By searchguy on Mar 03, 2009
Matt Chaput commented the other day about an aspect of the dictionaries, and in passing mentioned that his Python search engine (Whoosh! Good name, dude!) uses the lightweight morphology from Minion (ported to Python, obviously.)
Otis followed up asking where he could get more information, and I thought I would post an entry rather than burying it in the comments.
The lightweight morphology component (colloquially known as "LiteMorph") was originally developed by Bill Woods as an alternative to the stemmers that are traditionally used in search engines.
The basic idea behind LiteMorph is to take a word and replace known suffixes with other suffixes that are considered plausible in the morphology of the particular language of interest (there are LiteMorphs for English, German and Spanish). Here's an example of a LiteMorph rule for English:
.aeiouy o u s + -> ly,ness
This rule means: for a word that ends with a vowel followed by the letters ous, you can generate variations by adding the letters ly and ness to the word. So, a word like joyous will generate the variations joyously and joyousness.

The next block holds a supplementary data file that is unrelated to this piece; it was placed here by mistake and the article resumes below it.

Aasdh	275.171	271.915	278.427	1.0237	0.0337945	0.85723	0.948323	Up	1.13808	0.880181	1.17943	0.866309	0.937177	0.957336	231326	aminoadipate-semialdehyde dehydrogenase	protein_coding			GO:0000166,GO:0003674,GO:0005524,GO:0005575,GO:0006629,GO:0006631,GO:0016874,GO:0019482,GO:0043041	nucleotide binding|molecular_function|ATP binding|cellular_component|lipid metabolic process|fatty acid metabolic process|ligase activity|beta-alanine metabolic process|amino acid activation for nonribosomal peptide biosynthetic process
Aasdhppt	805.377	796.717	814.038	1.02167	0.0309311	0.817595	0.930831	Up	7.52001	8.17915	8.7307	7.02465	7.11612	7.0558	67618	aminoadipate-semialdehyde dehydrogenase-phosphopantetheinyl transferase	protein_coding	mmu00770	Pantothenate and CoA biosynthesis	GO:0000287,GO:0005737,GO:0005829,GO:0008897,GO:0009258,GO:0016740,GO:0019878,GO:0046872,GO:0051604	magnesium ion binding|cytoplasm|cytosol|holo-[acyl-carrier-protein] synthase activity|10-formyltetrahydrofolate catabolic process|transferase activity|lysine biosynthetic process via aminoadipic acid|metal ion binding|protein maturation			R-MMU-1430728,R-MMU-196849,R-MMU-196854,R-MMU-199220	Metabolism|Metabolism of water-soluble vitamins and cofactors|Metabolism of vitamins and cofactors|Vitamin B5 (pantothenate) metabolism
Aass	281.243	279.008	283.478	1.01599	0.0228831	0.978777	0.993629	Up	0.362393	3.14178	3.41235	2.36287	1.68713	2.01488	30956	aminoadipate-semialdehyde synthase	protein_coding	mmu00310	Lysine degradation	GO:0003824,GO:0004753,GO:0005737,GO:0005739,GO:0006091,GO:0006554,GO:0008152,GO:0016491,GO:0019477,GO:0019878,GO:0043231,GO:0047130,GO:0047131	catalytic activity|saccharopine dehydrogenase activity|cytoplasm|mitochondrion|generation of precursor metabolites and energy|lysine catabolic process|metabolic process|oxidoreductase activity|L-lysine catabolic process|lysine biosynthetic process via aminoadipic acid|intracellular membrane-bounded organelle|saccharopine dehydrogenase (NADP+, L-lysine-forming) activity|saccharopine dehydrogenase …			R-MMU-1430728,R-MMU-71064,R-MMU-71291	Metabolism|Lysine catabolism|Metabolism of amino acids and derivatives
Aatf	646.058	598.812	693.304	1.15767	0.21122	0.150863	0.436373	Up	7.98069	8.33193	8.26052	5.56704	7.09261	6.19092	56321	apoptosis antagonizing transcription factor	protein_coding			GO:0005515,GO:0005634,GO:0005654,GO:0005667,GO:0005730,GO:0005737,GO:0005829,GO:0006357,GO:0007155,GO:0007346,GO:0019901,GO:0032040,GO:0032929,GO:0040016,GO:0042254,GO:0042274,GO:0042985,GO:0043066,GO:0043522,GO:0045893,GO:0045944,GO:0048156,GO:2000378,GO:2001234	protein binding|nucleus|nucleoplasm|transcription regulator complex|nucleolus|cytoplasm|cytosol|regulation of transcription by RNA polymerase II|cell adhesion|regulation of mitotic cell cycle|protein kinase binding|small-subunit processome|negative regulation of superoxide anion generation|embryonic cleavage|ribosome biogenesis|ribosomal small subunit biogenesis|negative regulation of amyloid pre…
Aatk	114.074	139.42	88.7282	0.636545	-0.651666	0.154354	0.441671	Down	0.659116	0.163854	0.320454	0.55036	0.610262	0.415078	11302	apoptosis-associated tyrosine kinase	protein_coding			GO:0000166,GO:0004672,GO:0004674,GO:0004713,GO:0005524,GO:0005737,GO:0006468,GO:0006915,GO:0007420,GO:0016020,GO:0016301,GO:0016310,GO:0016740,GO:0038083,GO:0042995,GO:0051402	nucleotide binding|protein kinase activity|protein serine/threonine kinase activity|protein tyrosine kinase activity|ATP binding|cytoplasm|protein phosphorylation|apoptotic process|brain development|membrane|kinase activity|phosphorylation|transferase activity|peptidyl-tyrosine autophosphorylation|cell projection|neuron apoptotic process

Note that these rules were developed long before regular expressions were available in Java, so they use an invented syntax. Someone who wanted to port them to use regular expressions would be warmly welcomed into the Minion family!
This generativeness (there's a morph for you!) is a very nice property. For example, given the term build, the English version of LiteMorph generates the following list of variations:
build, builder, builders, building, buildings, builds, built
This is nice because this is the list of terms that we need to look up in the dicitionary to get the variations for build.
Each LiteMorph contains an exception list, so we can handle things like the irregular verb run:
ran, run, runner, runners, running, runnings, runs
The variations that are generated can be a bit weird, though. Here are the generated variants for happiness:
happied, happier, happiers, happies, happiest, happiful, happiless, happily, happiment, happiments, happiness, happinesses, happy, happying, happyings
The good news is that although these seem weird, we're looking them up in the dictionary so really weird variations (e.g., happiless, which I totally think should be a word) just won't appear and so they won't affect the search. On the other hand, variations that a stemmer would never get very well might appear and the LiteMorph will catch them.
I had q quick look around for papers explaining the syntax of the LiteMorph rules and came up with a paper for TaPor 2004 that was written by a grad student who implemented a French LiteMorph.